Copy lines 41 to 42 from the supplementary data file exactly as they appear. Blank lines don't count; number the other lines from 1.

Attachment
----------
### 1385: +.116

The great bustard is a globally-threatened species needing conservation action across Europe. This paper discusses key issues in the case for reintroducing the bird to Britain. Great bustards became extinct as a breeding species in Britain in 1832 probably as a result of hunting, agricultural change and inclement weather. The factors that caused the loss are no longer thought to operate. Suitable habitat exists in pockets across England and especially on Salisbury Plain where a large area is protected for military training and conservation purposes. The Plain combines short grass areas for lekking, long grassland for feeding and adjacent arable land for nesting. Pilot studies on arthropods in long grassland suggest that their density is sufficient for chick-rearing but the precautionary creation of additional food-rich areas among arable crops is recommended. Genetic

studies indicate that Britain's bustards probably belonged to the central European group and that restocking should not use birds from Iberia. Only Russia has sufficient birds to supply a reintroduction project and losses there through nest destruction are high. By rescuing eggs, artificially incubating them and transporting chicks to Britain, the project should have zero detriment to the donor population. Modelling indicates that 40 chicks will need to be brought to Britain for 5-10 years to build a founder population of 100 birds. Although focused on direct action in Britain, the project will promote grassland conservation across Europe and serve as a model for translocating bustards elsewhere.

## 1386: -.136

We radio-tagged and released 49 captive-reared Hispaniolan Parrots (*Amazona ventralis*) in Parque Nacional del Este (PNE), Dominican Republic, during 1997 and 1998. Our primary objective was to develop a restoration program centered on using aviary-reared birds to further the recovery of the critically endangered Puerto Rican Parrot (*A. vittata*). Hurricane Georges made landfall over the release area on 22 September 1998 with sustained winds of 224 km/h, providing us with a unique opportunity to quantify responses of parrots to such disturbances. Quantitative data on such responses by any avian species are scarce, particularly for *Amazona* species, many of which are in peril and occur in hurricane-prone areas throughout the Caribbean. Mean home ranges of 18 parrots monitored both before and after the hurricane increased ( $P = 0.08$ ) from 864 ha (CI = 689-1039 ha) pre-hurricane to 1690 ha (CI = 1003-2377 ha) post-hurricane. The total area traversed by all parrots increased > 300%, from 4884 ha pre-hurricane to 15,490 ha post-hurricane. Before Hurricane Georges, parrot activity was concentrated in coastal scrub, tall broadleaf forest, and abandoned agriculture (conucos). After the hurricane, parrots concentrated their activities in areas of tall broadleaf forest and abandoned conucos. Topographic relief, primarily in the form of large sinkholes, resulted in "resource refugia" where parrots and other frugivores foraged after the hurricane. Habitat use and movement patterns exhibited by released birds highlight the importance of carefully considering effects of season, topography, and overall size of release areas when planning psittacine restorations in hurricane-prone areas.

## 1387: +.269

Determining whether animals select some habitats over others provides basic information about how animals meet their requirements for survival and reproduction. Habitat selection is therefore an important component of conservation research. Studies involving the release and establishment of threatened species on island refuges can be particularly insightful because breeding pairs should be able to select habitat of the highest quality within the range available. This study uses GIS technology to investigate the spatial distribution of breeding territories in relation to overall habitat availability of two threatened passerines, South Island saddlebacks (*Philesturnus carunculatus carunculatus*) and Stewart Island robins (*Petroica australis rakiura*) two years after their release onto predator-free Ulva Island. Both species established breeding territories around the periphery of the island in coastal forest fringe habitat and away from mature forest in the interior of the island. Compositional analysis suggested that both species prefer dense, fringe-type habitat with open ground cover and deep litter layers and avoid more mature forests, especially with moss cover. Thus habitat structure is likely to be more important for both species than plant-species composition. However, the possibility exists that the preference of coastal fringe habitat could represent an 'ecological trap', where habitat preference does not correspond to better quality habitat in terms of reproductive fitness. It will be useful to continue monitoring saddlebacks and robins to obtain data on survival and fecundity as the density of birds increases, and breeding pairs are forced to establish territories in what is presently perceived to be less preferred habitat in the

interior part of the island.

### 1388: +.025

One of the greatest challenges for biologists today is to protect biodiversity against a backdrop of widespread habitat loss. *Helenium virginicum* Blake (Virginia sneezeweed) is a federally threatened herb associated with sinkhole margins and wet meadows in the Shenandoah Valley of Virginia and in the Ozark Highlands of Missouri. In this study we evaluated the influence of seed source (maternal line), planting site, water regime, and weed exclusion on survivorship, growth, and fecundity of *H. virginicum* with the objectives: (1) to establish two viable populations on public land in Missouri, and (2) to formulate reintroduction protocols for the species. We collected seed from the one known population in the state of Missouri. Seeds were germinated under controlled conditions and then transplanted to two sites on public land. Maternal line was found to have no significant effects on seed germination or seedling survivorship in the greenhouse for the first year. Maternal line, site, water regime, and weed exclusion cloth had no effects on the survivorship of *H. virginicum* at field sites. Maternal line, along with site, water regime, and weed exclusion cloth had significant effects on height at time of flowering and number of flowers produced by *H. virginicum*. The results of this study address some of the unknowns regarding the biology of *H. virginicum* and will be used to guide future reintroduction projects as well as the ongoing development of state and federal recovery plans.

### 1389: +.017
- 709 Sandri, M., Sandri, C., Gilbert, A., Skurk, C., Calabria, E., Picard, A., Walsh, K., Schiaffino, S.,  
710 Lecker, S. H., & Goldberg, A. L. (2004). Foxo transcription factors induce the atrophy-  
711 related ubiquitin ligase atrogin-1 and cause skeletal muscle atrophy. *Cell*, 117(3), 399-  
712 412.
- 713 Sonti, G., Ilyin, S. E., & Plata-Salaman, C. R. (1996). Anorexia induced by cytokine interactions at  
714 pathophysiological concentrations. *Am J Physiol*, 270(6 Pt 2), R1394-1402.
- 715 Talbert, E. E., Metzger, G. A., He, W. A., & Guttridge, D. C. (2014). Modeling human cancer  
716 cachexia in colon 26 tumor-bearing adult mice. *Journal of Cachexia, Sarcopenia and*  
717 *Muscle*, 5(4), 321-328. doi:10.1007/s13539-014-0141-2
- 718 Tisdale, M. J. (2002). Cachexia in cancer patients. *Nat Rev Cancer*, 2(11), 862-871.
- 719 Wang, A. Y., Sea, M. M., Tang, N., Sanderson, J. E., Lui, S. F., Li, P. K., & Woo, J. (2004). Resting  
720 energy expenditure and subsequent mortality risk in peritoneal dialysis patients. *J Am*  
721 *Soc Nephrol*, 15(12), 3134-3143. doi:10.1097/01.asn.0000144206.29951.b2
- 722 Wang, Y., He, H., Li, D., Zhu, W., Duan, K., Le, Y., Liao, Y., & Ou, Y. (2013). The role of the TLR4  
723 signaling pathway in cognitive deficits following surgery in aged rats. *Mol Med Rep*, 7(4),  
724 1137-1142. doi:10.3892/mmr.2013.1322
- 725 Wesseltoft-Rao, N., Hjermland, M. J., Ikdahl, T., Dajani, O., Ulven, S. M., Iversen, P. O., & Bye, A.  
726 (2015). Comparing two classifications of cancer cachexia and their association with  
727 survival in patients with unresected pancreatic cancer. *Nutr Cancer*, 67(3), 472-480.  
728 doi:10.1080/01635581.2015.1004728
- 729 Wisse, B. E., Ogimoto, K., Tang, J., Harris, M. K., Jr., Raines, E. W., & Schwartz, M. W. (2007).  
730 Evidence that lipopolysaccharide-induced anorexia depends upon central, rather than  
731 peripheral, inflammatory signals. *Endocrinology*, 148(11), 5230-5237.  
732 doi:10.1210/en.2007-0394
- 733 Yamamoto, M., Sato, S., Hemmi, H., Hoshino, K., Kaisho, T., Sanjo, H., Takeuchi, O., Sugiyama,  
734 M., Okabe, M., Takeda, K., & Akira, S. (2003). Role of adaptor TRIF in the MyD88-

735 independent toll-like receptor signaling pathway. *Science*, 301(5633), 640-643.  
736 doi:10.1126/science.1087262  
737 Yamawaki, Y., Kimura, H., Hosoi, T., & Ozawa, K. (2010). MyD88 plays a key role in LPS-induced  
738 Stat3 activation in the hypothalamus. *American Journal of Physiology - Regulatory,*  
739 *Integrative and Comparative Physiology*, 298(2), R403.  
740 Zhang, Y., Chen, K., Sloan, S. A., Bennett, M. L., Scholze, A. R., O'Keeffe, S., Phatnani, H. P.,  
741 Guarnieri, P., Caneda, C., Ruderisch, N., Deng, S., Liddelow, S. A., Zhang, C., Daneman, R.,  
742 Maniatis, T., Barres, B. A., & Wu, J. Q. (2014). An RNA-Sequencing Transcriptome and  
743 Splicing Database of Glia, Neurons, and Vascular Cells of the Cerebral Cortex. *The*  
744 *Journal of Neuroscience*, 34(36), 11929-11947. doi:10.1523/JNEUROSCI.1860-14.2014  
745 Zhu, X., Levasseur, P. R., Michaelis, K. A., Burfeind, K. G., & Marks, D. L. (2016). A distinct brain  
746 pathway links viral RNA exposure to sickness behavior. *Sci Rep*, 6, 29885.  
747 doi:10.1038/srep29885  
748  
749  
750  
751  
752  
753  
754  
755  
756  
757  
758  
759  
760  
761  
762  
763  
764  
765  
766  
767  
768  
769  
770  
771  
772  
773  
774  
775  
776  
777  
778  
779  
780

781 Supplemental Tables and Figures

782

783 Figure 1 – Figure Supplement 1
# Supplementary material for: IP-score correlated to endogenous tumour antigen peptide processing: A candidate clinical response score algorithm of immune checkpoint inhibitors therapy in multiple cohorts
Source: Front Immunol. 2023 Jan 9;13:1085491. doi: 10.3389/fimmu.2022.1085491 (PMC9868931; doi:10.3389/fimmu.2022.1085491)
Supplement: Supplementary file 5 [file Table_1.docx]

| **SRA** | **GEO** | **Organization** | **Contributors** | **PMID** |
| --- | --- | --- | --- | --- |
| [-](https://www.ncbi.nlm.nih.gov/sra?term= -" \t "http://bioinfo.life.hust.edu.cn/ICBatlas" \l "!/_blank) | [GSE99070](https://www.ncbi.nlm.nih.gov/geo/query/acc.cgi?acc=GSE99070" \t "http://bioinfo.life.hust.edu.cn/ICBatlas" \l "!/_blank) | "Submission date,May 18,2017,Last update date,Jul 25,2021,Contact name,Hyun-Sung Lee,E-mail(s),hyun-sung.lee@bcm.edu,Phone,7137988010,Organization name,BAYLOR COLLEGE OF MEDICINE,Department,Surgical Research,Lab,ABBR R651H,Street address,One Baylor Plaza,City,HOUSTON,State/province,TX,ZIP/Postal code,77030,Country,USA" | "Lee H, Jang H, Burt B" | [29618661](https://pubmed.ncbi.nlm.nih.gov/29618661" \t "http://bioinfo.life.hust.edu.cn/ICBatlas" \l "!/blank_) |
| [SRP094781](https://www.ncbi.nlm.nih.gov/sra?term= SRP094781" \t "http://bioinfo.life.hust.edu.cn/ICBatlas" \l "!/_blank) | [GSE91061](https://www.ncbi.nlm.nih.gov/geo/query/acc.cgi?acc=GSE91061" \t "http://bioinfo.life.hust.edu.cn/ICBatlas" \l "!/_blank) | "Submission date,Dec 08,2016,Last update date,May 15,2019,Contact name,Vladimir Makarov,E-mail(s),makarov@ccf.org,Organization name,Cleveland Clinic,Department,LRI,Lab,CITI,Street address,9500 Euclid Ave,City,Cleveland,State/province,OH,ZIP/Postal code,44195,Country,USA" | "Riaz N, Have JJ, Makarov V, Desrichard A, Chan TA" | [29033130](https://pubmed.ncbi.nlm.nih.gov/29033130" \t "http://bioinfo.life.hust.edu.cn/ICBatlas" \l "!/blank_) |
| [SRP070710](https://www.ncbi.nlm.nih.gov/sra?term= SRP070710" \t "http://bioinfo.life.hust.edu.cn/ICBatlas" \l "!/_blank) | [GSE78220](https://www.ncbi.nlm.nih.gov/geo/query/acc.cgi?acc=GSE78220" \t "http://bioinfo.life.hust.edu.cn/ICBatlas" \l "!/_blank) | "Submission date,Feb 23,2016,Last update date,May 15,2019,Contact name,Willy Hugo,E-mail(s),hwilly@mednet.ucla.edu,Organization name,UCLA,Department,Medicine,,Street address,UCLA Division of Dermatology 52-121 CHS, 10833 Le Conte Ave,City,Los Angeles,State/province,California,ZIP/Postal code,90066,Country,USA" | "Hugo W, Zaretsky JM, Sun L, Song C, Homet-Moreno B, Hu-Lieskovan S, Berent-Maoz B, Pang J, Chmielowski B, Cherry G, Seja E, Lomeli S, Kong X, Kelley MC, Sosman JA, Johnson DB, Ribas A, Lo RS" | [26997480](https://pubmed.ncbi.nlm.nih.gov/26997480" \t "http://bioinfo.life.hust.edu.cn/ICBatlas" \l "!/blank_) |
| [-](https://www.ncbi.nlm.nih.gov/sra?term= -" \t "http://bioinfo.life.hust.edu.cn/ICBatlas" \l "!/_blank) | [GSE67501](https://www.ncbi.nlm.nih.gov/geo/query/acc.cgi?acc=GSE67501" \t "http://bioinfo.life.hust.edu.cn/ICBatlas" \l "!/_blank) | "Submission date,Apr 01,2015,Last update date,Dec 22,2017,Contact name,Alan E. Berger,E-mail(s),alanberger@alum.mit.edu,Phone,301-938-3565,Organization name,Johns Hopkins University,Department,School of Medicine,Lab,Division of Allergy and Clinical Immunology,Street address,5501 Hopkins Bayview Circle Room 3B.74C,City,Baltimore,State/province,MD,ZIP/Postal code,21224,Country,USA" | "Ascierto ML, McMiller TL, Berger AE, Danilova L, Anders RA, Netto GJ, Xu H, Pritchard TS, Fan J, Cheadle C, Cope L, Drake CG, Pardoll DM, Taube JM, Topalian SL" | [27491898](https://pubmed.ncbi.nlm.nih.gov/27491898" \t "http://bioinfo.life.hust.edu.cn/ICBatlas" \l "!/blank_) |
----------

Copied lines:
738 Stat3 activation in the hypothalamus. *American Journal of Physiology - Regulatory,*  
739 *Integrative and Comparative Physiology*, 298(2), R403.  